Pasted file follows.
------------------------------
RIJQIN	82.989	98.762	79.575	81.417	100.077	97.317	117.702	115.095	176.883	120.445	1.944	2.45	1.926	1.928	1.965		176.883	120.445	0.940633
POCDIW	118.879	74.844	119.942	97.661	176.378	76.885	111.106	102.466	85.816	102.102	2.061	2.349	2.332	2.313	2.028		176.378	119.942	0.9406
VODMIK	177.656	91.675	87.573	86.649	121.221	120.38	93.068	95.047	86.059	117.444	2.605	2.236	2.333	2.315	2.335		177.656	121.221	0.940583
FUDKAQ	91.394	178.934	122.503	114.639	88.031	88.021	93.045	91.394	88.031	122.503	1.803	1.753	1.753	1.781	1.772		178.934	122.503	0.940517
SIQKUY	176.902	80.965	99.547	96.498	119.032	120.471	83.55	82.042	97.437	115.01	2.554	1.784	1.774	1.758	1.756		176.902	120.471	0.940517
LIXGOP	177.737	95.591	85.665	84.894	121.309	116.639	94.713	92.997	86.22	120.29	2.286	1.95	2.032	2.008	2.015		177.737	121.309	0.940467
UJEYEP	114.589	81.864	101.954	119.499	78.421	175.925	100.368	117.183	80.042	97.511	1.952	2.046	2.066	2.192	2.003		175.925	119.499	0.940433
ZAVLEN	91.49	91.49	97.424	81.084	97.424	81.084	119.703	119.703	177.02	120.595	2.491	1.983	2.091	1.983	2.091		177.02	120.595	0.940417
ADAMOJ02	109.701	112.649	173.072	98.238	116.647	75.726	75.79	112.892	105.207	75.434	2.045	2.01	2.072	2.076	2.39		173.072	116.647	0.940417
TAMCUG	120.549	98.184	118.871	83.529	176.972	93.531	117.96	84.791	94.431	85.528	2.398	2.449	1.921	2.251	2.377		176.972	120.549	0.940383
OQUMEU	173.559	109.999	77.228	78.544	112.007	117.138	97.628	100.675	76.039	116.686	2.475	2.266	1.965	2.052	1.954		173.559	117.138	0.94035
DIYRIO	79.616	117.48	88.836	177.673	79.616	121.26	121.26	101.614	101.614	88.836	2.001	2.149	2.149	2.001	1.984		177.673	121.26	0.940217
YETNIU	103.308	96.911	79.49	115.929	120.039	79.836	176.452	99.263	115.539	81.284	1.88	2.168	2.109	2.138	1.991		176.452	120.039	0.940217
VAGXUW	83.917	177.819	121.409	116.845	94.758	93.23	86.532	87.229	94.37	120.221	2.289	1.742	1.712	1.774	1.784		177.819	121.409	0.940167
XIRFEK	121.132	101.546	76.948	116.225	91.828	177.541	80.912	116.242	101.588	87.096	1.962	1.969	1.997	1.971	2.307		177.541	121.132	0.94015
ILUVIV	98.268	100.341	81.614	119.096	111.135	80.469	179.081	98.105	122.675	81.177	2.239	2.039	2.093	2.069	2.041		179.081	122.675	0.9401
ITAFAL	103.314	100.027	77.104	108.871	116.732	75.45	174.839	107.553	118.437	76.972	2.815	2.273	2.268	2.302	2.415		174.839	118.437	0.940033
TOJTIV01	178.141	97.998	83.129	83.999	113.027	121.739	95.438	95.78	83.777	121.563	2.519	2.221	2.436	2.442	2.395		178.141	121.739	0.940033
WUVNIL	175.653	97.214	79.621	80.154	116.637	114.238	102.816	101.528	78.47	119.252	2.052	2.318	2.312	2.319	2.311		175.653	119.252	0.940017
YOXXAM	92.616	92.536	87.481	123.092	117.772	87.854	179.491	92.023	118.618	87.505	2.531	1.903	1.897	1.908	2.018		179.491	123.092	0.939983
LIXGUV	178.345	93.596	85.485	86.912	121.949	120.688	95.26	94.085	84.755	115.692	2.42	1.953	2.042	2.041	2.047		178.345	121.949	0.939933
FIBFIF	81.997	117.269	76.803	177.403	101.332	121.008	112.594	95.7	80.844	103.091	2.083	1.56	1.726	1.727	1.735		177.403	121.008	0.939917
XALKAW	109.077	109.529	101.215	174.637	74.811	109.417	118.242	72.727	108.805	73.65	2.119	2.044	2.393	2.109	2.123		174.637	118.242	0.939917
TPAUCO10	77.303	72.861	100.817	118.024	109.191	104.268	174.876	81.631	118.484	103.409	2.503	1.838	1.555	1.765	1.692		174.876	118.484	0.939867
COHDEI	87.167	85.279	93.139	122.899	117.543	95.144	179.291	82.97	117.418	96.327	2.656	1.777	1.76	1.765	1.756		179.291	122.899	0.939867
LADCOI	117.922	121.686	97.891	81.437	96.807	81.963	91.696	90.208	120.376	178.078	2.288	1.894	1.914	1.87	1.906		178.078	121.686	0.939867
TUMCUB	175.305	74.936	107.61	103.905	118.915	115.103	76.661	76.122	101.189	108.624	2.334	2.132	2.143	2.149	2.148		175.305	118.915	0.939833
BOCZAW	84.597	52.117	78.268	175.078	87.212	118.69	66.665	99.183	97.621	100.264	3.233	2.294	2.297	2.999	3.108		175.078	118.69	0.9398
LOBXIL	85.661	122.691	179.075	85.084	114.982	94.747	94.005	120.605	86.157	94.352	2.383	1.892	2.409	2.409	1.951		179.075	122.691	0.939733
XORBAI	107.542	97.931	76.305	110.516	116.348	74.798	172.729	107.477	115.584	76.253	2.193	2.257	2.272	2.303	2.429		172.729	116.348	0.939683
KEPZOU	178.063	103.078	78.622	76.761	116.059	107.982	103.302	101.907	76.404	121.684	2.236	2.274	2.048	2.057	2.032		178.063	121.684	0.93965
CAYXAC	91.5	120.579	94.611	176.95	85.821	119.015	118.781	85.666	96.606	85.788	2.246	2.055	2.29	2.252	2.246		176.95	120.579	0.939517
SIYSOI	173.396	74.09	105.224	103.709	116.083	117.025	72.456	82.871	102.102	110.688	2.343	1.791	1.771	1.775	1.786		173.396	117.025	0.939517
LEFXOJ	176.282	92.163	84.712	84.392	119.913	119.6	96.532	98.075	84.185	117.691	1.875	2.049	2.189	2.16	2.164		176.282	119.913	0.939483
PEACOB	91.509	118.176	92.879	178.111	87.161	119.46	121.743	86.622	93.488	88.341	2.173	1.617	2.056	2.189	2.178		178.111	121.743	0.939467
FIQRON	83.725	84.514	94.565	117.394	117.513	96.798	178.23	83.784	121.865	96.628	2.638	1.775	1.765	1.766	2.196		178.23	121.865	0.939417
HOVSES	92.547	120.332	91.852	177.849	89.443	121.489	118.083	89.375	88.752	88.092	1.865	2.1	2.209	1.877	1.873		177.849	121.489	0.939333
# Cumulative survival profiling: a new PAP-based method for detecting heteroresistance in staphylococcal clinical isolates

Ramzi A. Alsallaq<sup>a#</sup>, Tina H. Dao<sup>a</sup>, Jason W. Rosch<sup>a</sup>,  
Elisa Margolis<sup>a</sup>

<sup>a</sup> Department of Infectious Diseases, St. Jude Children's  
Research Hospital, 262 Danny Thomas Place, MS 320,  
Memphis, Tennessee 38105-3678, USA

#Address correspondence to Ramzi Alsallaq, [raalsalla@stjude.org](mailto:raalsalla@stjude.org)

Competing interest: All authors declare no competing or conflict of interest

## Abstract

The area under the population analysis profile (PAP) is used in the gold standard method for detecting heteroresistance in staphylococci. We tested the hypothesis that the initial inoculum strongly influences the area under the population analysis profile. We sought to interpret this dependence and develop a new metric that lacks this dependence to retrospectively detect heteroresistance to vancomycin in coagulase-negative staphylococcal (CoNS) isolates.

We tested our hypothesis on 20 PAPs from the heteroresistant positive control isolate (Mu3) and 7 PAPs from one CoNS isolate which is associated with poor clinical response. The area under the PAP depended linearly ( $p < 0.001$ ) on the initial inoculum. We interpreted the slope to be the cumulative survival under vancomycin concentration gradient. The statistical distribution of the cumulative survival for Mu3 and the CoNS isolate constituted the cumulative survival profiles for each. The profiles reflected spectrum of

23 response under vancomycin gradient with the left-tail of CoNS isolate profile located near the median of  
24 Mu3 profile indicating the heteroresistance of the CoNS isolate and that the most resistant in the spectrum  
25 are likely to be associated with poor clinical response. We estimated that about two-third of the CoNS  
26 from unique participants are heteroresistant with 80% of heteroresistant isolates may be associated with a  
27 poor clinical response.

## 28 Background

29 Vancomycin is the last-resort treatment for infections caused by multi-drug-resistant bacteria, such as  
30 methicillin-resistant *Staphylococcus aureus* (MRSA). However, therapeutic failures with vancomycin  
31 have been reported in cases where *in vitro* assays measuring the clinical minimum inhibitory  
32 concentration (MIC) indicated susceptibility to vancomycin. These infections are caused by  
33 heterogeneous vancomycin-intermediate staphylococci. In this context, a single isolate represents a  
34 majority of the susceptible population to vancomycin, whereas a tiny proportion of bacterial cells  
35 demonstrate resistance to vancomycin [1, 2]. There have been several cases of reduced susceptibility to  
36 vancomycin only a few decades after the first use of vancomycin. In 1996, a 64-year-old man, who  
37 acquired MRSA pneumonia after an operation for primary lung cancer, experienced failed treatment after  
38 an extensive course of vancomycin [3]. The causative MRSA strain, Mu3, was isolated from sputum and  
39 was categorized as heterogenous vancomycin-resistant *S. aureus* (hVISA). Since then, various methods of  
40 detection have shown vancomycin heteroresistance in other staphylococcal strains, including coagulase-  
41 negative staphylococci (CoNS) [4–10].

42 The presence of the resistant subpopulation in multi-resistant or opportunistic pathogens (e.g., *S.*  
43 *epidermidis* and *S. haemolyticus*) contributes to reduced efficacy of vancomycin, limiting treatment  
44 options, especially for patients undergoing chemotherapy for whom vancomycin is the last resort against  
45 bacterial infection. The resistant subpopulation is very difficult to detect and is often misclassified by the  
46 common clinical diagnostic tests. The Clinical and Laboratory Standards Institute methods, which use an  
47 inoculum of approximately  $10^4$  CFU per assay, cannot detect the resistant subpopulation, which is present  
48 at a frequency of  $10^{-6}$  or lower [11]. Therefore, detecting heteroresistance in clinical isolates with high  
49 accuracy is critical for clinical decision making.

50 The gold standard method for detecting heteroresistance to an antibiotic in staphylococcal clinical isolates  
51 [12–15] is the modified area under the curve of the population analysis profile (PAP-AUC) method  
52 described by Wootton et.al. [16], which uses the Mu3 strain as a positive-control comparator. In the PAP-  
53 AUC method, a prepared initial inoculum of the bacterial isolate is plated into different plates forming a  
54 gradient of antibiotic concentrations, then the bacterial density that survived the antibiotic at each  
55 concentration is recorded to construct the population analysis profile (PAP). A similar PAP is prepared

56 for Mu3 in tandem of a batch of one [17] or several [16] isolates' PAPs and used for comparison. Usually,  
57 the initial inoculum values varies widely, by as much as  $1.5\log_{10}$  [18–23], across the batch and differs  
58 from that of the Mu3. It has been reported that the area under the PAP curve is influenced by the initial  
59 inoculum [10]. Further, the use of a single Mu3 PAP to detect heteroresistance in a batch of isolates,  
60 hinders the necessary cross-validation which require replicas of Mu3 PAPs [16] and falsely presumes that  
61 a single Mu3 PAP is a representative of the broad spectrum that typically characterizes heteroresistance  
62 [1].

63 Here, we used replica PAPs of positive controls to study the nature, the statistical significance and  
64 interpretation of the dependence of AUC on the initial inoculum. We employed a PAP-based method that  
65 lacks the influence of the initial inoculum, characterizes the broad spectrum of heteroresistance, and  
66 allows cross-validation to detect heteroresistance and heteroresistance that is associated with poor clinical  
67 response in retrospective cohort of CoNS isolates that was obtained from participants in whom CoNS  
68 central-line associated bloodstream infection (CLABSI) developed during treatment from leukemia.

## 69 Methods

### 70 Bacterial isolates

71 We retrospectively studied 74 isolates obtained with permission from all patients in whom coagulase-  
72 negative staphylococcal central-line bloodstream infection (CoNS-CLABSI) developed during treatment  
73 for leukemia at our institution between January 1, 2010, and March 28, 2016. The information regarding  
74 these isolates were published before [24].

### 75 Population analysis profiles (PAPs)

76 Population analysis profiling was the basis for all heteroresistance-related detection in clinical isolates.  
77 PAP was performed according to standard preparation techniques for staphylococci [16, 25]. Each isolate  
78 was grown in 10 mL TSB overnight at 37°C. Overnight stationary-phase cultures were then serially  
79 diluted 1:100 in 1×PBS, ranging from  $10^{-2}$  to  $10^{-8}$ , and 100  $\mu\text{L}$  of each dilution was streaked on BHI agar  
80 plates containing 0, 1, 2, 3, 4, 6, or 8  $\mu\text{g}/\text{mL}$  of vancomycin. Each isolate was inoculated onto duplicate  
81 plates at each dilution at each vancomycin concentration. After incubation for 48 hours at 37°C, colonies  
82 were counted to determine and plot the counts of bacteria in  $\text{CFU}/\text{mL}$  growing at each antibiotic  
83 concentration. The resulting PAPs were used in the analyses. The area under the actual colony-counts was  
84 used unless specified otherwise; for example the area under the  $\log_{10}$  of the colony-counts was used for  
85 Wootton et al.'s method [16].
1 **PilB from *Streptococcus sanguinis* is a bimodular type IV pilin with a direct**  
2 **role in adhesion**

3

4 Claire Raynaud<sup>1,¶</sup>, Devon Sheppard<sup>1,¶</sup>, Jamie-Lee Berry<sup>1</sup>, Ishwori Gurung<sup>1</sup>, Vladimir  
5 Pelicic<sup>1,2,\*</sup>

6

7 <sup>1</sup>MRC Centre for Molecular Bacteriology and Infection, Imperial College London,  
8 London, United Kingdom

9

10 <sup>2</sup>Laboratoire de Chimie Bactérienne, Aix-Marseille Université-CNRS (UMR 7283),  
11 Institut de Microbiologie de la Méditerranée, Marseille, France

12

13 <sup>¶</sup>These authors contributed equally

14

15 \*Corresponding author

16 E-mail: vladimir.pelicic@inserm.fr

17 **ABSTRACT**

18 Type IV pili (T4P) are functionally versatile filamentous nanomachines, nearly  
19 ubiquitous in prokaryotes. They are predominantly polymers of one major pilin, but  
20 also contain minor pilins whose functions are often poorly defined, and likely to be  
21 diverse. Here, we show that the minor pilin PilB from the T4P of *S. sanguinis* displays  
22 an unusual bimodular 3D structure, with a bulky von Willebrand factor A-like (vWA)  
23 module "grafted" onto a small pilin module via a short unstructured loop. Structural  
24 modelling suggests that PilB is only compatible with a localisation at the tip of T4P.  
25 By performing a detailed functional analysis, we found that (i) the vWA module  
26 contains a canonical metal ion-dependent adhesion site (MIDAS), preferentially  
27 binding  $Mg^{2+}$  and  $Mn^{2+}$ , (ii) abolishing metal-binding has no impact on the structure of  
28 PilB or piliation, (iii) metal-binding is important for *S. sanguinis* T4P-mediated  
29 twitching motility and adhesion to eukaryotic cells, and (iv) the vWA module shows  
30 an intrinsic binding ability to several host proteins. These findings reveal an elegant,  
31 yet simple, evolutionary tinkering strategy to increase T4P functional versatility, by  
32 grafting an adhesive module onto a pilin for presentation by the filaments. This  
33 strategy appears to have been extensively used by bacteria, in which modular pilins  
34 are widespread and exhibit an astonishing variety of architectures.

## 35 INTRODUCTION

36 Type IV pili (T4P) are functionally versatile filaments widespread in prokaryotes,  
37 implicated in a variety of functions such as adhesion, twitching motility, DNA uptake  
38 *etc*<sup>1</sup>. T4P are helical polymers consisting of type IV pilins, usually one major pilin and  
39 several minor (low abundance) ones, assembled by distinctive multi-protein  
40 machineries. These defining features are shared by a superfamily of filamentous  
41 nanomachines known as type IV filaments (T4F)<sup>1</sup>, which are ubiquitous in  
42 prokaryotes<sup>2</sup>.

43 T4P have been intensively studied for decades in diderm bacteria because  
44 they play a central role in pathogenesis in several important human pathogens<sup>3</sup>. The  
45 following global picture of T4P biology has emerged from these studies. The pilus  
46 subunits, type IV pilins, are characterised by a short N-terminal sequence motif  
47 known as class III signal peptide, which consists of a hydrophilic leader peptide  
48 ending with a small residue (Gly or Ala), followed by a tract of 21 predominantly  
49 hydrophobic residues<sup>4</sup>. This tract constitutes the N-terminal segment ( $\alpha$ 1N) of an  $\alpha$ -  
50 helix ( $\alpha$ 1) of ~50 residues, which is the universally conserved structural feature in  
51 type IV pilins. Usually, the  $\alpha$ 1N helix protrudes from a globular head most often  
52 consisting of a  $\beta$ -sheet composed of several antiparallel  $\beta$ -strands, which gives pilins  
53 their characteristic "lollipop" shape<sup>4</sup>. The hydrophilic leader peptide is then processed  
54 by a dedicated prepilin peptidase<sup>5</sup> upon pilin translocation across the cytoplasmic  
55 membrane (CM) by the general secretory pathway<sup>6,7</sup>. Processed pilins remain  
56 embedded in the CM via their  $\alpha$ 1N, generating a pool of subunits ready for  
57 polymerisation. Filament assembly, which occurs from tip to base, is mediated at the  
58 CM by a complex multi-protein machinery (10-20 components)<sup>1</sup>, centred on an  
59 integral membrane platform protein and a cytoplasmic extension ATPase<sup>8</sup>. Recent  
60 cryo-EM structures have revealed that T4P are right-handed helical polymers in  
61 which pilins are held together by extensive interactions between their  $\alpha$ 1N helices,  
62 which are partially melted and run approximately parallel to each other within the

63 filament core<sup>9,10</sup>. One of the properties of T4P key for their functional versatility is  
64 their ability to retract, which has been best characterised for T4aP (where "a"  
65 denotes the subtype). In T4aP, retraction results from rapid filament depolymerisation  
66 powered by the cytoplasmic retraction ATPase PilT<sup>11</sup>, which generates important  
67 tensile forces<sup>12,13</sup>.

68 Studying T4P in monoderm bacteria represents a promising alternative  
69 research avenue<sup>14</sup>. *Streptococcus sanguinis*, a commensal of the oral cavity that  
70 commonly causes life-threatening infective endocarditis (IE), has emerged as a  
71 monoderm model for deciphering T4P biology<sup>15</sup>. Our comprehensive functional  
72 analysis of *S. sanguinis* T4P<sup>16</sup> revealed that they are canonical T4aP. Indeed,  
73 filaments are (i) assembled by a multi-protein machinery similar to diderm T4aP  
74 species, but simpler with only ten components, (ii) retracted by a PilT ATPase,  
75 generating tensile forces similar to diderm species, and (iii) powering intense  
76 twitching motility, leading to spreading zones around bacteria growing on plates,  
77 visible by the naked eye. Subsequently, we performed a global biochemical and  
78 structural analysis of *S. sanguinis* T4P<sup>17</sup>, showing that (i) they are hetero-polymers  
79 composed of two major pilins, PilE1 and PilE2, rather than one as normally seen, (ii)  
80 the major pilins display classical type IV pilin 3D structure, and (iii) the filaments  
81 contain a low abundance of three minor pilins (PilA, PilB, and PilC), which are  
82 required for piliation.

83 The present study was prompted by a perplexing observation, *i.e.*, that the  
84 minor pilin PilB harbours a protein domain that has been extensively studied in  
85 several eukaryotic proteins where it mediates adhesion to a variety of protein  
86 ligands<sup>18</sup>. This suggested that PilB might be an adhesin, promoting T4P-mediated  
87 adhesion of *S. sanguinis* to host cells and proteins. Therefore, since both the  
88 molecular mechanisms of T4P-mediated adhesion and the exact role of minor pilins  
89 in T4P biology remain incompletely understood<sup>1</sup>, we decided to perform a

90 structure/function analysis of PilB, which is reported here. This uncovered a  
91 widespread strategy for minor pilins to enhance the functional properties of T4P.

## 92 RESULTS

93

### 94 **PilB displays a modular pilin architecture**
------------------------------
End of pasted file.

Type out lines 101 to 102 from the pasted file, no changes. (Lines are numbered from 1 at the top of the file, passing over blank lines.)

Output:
### 75 Population analysis profiles (PAPs)

76 Population analysis profiling was the basis for all heteroresistance-related detection in clinical isolates.  